Lee County’s population grew more than 24% between 2010 and 2019. Driving that population growth are people moving to the southwest Florida area for the sunny skies and warm temperatures. There’s no sign of any slowdown as the pandemic made it easier for people to work remotely. Some have chosen to move to places like Florida.
Along with population growth comes the demand for the demolition of existing structures to make way for new construction. Enter Backbay Construction. Owner Mike Thesier started the company in 2009 on the heels of the Great Recession. He’s grown the company into a successful general contracting business.
Get In, Get Out
In January 2021, Backbay Construction earned a project to demolish a fast food restaurant to make way for a new retail bank branch in Fort Myers. While the total project was scheduled to last six months. Mike’s company worked quickly throughout the process to get its portions done before the other contractors did their parts.
Doosan InfracoreThe first step of the project was demolishing the existing building. Backbay Construction paired a Doosan DX225LC-5 crawler excavator and a DL220-5 wheel loader to handle the demo. A compact track loader also assisted with some of the demolition tasks, particularly in tight spaces on the jobsite. Backbay Construction purchased all three machines from Synergy Equipment.
According to Mike, the building demolition took less than a week. “The Doosan wheel loader worked with the DX225LC excavator to load the roll-off containers with the demolition debris,” Mike says. “It took about five working days to tear down the Burger King, to demolish it and load it into dumpsters and haul it off-site.
“They’re easy to transport, that size wheel loader and excavator, on standard trucks and trailers. They’re not too big or too small.”
Doosan InfracoreSeveral trees along the edge of the property needed to be removed. Backbay Construction paired its excavator with a bucket and thumb to help with the task.
“The Doosan excavator is a versatile machine,” Mike says. “We use it for a lot more than excavation. The thumb is integral to keep things safe when we’re taking down trees or doing demolition to be able to grasp whatever we’re working with. The cameras on the Doosan equipment are extremely helpful in promoting safety and visibility, and letting the operators be aware of their surroundings.”
In addition to the demolition, Backbay Construction was responsible for the site earthwork, grading, paving and curbing. After the demolition and clearing were complete, the company did the site preparation. Once finished, the company left while a “vertical contractor” built the new structure. Then Backbay Construction returned to complete the rest of the project.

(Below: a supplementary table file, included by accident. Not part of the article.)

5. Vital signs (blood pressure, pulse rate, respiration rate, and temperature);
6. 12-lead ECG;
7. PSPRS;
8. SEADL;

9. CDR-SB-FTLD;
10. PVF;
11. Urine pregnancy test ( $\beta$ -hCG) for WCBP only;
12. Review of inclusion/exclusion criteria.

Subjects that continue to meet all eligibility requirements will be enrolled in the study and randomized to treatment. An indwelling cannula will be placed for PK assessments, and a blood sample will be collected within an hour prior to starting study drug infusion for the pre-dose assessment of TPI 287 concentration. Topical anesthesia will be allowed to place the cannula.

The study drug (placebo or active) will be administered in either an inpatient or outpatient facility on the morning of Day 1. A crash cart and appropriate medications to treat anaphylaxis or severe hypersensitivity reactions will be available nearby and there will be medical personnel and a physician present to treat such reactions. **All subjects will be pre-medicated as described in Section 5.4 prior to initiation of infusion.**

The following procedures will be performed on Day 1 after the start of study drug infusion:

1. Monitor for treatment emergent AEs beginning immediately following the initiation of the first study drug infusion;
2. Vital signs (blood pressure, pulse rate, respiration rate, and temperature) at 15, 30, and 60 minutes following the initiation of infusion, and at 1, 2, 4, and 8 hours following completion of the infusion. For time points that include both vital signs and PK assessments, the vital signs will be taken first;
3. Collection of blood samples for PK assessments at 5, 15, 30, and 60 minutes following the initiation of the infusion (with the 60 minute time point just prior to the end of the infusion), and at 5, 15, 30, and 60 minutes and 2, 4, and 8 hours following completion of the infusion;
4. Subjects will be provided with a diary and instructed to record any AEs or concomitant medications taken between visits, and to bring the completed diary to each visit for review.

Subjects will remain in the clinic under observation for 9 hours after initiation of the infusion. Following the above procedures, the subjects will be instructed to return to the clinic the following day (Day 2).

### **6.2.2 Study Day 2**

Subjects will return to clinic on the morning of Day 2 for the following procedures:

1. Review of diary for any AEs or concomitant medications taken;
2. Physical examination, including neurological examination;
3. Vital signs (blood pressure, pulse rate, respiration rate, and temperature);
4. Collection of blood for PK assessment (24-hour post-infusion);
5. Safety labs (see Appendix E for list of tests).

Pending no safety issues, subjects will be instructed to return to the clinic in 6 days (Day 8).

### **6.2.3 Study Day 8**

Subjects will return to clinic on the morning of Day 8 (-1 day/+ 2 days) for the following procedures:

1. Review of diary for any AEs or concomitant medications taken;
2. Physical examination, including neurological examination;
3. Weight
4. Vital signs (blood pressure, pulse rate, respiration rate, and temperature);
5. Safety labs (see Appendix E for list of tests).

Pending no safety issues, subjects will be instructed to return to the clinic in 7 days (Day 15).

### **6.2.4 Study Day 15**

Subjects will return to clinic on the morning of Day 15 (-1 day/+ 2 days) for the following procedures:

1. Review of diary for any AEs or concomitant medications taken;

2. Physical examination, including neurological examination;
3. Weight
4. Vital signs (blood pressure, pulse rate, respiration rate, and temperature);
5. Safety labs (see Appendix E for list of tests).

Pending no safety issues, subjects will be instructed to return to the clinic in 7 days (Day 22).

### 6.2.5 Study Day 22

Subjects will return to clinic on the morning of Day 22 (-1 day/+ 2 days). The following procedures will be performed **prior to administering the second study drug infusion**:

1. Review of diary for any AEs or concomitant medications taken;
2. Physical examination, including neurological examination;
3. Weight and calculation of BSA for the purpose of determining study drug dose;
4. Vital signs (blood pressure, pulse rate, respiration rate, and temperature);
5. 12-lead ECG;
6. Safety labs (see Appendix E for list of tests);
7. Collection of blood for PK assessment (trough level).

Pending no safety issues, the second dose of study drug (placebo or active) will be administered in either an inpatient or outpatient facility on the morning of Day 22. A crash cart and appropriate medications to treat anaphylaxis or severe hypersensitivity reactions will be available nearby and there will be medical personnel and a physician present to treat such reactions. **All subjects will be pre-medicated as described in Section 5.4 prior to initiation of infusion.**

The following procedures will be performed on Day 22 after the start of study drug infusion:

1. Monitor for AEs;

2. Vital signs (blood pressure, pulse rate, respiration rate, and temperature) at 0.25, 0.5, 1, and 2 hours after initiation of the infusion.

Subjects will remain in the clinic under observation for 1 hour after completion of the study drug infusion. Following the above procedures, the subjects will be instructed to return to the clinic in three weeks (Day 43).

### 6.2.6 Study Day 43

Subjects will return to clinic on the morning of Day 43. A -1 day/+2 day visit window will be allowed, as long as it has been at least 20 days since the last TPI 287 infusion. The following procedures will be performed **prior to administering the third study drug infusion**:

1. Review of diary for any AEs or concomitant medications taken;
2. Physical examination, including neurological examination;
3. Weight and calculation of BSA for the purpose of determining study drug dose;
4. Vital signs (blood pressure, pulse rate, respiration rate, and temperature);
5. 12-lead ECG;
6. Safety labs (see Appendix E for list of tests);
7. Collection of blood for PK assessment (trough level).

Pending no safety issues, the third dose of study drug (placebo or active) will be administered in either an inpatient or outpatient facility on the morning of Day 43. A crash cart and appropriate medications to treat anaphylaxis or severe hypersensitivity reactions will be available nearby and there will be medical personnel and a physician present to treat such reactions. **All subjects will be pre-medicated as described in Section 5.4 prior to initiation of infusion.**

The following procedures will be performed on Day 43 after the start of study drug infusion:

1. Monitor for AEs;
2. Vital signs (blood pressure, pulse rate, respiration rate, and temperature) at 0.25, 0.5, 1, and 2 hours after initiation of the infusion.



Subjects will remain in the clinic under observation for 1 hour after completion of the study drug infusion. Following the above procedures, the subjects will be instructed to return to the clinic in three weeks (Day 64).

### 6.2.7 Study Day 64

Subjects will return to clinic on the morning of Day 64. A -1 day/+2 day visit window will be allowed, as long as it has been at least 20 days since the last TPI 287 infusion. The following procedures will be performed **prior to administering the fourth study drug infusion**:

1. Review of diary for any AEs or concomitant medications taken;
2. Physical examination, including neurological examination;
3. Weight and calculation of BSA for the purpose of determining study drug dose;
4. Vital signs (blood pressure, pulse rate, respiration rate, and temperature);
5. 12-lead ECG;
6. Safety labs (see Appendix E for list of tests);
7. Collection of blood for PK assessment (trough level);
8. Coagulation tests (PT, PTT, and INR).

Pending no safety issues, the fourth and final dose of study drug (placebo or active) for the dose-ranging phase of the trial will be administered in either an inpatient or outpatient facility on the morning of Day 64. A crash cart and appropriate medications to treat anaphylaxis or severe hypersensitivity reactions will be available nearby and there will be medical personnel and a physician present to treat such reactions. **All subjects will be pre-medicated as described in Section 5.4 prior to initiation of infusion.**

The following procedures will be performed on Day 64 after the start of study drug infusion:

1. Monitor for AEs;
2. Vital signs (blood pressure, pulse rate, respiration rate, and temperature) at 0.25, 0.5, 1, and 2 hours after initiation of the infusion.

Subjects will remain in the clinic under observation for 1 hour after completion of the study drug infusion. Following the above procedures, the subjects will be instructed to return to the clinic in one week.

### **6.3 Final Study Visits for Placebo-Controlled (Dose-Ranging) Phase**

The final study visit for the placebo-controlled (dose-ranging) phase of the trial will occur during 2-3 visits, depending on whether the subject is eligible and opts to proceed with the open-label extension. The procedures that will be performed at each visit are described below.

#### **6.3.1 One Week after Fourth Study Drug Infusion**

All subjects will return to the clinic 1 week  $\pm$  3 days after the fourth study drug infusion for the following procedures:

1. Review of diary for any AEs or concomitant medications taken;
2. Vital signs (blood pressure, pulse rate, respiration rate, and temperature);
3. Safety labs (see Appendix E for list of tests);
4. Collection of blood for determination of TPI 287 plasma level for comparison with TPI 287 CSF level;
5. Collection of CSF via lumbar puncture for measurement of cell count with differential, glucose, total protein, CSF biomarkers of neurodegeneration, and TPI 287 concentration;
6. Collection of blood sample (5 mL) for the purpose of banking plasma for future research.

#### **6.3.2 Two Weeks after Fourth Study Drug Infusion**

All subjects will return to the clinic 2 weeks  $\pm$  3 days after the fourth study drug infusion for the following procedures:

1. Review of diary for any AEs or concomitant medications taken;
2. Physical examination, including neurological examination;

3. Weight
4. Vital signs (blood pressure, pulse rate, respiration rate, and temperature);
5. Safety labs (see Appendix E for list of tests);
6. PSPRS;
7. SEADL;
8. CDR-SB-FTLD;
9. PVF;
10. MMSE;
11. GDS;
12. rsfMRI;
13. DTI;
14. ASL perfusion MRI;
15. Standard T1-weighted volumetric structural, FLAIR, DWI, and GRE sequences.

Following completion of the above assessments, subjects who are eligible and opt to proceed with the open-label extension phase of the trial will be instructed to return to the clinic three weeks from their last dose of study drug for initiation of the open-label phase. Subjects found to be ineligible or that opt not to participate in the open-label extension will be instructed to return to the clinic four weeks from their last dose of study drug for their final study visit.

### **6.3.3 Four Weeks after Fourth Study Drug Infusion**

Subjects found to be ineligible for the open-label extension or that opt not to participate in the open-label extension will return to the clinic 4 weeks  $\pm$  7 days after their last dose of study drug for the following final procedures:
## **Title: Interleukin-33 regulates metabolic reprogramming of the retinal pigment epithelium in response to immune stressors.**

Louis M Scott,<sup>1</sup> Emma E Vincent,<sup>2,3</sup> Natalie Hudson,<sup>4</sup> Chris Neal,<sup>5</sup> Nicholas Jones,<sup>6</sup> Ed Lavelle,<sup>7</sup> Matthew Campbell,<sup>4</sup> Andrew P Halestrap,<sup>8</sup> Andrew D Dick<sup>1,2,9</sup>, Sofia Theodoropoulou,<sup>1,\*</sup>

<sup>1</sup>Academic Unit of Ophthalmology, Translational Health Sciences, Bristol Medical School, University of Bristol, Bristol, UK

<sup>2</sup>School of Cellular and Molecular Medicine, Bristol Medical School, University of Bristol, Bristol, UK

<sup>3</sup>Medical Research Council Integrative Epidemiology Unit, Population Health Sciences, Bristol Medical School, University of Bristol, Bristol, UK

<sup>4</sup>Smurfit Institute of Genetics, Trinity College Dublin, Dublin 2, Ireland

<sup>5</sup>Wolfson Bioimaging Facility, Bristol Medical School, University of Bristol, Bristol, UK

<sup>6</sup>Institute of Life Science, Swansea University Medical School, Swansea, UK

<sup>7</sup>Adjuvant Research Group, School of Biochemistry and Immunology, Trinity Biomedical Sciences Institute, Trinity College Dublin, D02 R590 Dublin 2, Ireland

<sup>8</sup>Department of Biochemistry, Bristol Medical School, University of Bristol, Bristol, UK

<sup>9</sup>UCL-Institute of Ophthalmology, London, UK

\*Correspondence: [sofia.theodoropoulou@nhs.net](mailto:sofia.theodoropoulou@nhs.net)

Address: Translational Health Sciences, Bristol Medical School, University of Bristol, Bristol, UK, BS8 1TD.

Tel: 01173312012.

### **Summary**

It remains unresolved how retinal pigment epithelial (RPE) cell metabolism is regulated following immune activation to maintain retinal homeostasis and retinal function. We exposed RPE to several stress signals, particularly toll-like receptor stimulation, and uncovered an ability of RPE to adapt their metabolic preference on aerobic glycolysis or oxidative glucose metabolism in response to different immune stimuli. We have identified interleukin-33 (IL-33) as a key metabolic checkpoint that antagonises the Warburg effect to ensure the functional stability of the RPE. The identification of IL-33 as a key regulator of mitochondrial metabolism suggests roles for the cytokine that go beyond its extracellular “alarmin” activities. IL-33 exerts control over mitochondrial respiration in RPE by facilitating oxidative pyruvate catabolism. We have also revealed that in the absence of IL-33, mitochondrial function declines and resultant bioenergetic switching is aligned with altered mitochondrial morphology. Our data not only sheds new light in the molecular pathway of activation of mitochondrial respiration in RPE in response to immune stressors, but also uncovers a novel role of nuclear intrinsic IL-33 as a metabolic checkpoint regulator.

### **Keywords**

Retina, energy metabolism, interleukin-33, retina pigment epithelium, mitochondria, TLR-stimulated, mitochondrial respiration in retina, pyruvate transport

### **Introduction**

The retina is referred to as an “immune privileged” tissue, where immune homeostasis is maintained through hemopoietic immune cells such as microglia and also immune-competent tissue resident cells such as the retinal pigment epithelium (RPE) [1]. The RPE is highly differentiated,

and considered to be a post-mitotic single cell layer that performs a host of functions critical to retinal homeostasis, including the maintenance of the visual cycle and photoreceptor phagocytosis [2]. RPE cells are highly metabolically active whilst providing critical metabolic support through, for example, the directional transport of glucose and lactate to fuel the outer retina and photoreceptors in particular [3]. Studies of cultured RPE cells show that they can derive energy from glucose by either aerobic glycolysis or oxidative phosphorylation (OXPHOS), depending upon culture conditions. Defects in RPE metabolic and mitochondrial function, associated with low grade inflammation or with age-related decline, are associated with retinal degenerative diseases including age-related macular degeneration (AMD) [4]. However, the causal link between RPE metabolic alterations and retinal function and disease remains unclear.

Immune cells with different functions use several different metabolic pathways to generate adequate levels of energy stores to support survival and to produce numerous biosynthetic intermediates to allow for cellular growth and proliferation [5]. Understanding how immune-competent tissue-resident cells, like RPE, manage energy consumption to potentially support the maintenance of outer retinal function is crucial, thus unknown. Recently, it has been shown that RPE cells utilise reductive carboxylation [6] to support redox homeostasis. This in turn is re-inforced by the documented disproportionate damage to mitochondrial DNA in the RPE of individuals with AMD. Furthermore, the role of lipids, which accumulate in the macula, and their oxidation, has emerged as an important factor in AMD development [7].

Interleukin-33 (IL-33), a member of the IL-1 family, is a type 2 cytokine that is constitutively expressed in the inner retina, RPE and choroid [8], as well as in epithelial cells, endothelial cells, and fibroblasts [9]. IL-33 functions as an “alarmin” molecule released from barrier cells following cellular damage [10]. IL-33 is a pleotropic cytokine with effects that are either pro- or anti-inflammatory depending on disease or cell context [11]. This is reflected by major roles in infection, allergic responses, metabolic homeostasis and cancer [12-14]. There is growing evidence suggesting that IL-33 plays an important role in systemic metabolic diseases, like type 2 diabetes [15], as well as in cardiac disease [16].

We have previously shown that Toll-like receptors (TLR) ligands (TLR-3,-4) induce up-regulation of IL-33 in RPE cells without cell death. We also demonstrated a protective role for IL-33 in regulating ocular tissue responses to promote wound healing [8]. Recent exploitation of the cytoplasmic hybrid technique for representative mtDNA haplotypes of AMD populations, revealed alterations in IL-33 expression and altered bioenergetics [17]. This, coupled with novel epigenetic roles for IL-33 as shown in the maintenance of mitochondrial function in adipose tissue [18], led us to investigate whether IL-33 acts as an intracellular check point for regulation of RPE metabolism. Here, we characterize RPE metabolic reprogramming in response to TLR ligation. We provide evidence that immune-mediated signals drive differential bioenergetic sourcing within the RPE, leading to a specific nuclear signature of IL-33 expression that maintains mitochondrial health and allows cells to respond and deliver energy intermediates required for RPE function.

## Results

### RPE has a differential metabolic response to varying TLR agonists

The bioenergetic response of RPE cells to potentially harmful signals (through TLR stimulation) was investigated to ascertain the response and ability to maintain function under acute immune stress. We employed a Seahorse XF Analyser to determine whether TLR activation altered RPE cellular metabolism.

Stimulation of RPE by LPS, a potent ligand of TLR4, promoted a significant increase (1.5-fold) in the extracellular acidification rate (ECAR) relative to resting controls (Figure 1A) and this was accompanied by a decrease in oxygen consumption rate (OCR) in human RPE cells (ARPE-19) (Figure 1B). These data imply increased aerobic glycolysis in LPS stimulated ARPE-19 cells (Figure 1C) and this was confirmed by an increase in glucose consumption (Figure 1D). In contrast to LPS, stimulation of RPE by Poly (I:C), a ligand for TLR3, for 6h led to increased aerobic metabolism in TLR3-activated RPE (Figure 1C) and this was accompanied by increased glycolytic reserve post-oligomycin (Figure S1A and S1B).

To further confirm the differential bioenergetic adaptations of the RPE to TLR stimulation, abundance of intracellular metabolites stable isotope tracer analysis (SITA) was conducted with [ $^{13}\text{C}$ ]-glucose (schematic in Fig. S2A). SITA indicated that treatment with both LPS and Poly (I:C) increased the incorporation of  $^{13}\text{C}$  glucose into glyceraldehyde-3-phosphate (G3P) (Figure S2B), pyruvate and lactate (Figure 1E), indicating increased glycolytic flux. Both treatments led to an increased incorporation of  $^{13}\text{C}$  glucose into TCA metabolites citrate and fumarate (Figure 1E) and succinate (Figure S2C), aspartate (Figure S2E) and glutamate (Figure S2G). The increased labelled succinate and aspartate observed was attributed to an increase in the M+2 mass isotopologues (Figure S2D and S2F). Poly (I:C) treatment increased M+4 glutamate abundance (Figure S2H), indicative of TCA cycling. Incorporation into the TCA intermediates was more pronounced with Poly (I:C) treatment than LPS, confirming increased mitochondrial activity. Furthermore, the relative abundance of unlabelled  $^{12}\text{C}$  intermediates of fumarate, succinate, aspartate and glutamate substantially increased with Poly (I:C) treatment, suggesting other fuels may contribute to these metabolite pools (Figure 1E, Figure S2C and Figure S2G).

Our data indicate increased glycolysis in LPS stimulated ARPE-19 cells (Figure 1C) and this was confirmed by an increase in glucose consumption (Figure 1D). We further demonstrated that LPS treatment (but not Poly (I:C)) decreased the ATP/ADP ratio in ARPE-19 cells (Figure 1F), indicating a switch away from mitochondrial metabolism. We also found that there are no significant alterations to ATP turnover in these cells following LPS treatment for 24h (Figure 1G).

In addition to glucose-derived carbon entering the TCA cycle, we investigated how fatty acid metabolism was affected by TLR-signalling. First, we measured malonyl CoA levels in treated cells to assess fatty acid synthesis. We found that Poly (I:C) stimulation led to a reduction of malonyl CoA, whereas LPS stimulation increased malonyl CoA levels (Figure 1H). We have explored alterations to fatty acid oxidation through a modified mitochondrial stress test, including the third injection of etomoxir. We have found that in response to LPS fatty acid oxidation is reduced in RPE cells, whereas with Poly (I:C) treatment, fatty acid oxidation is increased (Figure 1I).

Mike Thesier differentiates his company from others by performing “horizontal” site work, also known as commercial site work. The company clears land for future development. His construction firm performs excavating, grading and filling; asphalt paving; striping and signage; concrete curbing; flatwork and underground utility installations.
Most of the company’s projects are between one and 30 acres. The firm normally works in a four-county area in southwest Florida — from South Naples to North Fort Myers and as far east as Immokalee. There’s no lack of work in the region. The continued increase in population drives the need for light commercial and residential developments.
Following In His Father's Footsteps
Like his father, Mike started a construction company from scratch. His dad, Bob Thesier, moved from Michigan to Florida in 1987 and operated a successful construction business for 20 years. After graduating from the University of Florida, Mike worked for his father’s company in the estimating department. He quickly learned the construction business and eventually managed other estimators. In 2007, before the economy soured, Bob sold his business and retired.
Two years after Bob sold his business, Mike started Backbay Construction. It wasn’t necessarily easy. Florida was still recovering from the Great Recession, and Mike started with only one other employee.
“When I started in 2009, the economy wasn’t very good,” he says. “We started, just one helper and me, doing a little bit of everything. I had to do the estimates and the bookkeeping, answer the phones, be out in the field on the equipment. They were long days but it paid off over time.”
What he had going for him were the prior relationships he had built while working for his father’s company. People knew Mike and what he was capable of accomplishing. That helped Mike get the company off to a good start.
“I was lucky to have a lot of good contacts over the years before I started Backbay Construction,” he says. “It requires perseverance. You’ve got to stick with it and not give up when things get tough.”
Today, Mike’s company has grown to approximately 35 employees working on four to seven projects daily. Between trucks, trailers and equipment, the company owns about 50 pieces. That suits Mike just fine. “I don’t want to be the biggest, just the best,” he says.
There’s a chance another Thesier may join Bob and Mike in the construction industry. Mike has a son named Mike Jr., and he’s already shown an affinity for his dad’s heavy equipment.